It is hard to just ignore such comments when said person is leering only inches from your face, but it is probably the best policy. I find saying ‘Mmmmmm’ with raised eyebrows and studying your fingernails intently also works. Exchange exasperated looks with the girl next to you. If worse comes to the worse, tell the offender you are pregnant, which will have the desired effect of reducing your sex appeal to that of a bent spoon. (A hint of annoyance is usually good but don’t go over board.)

9. Enjoy people watching and being the only non-African on the bus

In two months, I have only seen one other non-African on a chapa and she was a tiny, wizened old lady. Kudos to her.

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Of Solitude and Elephant Fetuses

Winter has arrived in Maputo.

It sneaked in whilst nobody was looking and took everyone by surprise. Suddenly, it is too cold to go out in the evening without an extra layer or two (although twerking can remedy this…), people no longer sweat it out in jeans at midday, and a duvet is surprisingly welcome at night when the temperature drops.

Unfortunately, this weekend was kicked off by heavy rain and a cold breeze which didn’t shift until late on Saturday afternoon. Maputo doesn’t like the cold but it really hates rain. The streets lie empty of people but for the most persistent hawkers, who stand around morosely dressed only in shorts and flipflops with plastic bags tied to their head.

Considering the precarious living conditions of the vast majority of people in Maputo, it is easy to see why rain dampens the spirits of the usually buoyant Mozambicans. Rain means leaks in corrugated iron roofs, it means damp clothes, damp blankets, endlessly cold, wet feet as you trudge through the rain in flip flops and sandals. It means colds and the flu. It means worrying about wheezing grandparents and feverish children, and all the medical bills you can’t pay. Rain is as bad for business as it is bad for the health.

Accordingly, the city has been peculiarly quiet this weekend. Bars and restaurants stood empty and parties drew a small, albeit dedicated crowd.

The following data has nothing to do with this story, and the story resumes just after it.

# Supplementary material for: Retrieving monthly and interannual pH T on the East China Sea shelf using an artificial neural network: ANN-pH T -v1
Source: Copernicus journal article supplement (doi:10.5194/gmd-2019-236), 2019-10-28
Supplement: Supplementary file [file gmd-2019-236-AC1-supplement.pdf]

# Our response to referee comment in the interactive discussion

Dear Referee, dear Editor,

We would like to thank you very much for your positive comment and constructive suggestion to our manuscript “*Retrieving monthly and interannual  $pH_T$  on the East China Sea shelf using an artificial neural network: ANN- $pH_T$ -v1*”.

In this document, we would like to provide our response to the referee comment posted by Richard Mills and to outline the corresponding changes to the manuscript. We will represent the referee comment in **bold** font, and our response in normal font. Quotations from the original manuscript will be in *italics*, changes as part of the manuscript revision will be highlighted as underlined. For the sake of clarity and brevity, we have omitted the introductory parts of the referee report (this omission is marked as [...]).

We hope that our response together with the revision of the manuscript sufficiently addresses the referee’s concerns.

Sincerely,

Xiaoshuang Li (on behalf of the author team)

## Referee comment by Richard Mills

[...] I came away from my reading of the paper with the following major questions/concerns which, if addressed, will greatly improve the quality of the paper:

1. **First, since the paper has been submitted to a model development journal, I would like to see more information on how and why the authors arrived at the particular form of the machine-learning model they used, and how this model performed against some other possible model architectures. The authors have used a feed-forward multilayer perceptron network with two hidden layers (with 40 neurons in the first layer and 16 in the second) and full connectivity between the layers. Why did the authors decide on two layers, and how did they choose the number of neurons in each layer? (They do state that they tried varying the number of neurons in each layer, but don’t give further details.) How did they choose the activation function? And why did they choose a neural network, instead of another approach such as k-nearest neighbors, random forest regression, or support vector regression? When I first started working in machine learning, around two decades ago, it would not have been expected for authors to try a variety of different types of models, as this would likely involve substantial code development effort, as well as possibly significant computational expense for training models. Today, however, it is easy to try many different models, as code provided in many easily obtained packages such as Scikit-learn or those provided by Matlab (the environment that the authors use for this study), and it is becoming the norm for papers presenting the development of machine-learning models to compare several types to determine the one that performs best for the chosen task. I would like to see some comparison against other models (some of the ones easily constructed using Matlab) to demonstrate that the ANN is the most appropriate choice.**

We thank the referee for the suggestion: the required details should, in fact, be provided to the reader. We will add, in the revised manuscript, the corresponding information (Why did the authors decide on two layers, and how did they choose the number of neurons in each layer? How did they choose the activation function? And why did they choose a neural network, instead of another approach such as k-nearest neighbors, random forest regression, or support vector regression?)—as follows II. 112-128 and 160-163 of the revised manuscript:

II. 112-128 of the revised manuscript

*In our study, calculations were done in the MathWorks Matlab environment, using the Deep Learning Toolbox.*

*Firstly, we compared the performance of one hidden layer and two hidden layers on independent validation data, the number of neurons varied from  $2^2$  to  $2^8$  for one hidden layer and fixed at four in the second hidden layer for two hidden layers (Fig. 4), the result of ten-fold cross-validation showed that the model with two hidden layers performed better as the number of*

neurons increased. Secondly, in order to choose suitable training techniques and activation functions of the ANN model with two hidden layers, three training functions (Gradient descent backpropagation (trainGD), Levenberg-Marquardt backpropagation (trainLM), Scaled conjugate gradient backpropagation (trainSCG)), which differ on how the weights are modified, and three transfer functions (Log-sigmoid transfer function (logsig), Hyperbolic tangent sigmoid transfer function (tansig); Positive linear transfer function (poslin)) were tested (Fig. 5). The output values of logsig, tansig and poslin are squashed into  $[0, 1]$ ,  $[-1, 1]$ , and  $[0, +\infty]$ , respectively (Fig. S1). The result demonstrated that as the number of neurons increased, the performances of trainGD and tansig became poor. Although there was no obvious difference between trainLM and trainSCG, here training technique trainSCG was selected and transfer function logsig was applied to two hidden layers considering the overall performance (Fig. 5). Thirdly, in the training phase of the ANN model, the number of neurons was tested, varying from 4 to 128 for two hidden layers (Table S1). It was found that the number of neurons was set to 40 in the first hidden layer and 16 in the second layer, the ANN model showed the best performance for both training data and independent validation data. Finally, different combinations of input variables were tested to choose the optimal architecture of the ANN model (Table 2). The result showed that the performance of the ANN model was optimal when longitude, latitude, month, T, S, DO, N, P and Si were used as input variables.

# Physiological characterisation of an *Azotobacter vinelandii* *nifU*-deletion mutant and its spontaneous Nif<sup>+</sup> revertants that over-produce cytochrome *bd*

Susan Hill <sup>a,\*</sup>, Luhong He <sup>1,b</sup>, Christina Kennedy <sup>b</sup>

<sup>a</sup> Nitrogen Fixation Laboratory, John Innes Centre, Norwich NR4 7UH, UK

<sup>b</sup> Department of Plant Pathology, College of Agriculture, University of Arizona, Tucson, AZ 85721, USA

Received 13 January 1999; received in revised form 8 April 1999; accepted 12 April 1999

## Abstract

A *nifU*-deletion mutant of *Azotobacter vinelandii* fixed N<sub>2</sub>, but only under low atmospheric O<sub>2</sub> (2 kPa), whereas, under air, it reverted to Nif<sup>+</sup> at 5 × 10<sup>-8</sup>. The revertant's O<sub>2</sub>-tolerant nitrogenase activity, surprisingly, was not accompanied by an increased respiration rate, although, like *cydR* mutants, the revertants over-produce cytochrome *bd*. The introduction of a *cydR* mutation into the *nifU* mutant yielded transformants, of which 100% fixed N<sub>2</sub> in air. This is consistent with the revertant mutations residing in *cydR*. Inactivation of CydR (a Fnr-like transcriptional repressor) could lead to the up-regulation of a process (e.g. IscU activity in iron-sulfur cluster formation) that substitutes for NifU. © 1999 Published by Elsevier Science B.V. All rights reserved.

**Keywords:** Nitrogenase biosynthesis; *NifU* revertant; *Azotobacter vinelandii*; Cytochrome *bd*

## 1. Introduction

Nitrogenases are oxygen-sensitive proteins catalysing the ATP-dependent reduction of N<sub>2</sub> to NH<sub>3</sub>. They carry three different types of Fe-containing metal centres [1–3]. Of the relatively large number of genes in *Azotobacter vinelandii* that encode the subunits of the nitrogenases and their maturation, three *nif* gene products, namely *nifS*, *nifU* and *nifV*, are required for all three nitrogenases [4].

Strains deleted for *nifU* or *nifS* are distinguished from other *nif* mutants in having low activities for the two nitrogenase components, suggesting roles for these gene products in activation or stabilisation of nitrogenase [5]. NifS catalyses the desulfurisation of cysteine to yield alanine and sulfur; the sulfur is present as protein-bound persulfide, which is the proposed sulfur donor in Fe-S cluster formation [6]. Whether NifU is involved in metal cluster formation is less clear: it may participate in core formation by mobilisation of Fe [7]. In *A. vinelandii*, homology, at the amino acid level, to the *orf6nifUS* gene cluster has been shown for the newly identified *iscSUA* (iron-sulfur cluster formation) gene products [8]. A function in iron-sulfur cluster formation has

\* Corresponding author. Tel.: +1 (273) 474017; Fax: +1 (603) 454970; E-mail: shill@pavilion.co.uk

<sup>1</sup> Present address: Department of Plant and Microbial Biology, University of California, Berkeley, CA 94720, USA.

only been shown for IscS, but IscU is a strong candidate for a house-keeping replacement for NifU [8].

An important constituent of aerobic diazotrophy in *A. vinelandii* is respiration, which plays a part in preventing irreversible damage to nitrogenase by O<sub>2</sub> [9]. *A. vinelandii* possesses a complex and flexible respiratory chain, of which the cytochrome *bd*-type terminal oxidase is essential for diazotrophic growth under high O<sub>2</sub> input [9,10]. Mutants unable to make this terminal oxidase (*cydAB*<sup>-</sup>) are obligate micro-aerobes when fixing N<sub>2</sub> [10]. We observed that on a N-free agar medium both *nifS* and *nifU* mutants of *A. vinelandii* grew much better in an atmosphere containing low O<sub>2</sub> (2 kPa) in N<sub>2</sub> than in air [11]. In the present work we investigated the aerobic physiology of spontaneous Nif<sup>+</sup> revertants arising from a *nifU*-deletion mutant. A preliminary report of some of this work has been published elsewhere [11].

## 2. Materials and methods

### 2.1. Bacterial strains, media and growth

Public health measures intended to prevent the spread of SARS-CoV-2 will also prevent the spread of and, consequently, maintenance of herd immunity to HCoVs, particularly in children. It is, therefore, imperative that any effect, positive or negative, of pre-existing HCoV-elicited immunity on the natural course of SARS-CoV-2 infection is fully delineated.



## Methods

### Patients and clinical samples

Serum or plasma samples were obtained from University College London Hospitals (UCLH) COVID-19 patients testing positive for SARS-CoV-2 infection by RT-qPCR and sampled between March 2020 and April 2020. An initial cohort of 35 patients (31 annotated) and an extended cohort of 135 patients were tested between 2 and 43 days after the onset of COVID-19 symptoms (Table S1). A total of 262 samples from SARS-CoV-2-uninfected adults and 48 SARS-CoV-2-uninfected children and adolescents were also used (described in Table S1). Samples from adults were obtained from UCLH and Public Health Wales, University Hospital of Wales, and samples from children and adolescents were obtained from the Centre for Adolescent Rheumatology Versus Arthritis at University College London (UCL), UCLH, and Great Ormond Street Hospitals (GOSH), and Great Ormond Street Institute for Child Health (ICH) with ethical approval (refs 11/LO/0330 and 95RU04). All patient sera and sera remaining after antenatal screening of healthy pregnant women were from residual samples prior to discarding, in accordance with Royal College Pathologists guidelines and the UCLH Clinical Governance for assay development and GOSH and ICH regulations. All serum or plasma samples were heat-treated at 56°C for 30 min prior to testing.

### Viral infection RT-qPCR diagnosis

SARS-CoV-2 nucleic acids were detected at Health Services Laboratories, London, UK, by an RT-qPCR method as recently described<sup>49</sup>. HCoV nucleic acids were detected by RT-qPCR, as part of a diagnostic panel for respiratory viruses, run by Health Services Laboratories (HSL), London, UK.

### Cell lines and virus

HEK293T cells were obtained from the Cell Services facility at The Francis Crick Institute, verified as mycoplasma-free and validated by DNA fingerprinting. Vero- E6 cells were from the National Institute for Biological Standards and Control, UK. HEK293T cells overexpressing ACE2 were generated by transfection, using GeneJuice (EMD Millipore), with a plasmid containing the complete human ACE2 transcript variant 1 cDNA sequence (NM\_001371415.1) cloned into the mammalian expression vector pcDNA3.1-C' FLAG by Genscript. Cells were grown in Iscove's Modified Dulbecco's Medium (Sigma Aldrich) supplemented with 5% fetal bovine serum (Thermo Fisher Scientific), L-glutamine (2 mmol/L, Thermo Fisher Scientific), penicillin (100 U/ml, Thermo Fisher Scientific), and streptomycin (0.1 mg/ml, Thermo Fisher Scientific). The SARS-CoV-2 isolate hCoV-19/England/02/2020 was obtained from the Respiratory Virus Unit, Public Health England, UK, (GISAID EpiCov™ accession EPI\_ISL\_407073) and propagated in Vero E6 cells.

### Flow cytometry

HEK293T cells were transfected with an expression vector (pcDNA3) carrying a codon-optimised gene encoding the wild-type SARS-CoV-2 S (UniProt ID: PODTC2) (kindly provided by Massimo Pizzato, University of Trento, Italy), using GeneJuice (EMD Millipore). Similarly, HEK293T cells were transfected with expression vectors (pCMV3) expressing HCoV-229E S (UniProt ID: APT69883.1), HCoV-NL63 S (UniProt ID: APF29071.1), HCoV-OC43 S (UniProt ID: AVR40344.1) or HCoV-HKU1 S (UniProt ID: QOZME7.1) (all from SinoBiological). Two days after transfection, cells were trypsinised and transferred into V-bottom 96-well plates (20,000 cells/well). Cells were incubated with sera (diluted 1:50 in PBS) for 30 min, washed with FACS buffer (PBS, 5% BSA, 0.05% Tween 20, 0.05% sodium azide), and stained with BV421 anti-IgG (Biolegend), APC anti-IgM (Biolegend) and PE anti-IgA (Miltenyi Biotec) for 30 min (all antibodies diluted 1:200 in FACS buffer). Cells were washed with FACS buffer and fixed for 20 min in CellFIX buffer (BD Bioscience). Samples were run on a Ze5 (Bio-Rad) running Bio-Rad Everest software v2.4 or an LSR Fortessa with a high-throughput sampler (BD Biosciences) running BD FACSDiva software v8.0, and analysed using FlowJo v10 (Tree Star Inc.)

The weather seemed to coincide with a lull of my own.

After the whirl-wind of the first month, what was novel is becoming normal, and I find myself craving some structure and routine and the regular company of friends. I want to feel myself settling in now that the ‘honey-moon’ phase is coming to an end.

And so, sick of being confined to the flat on my own, I went to the natural history museum on Saturday afternoon.

The building is manueline in style, resembling a large, frilly wedding cake – I’ve never understood why the other name for manueline is Portuguese-gothic (perhaps some architecture nerds out there could enlighten me?) and houses the only collection of elephant fetuses in the world.

What better way is there to spend a lonely Saturday afternoon staring at the preserved remains of elephant abortions?

Starting out as a blob the same size as walnut, the elephant gestates for 21 months – 21 MONTHS – that is nearly two years (RESPECT), before it is born at the size at which it is able to walk behind its parents and do all those adorable things which add at least 3 zeros to David Attenborough’s salary every year.

It would be more impressive if the collection was complete, but unfortunately it only contains fetuses of up to 6 months of gestation, when they are replaced by lumpy papier maché models painted with grey poster paint which rather diminishes the effect.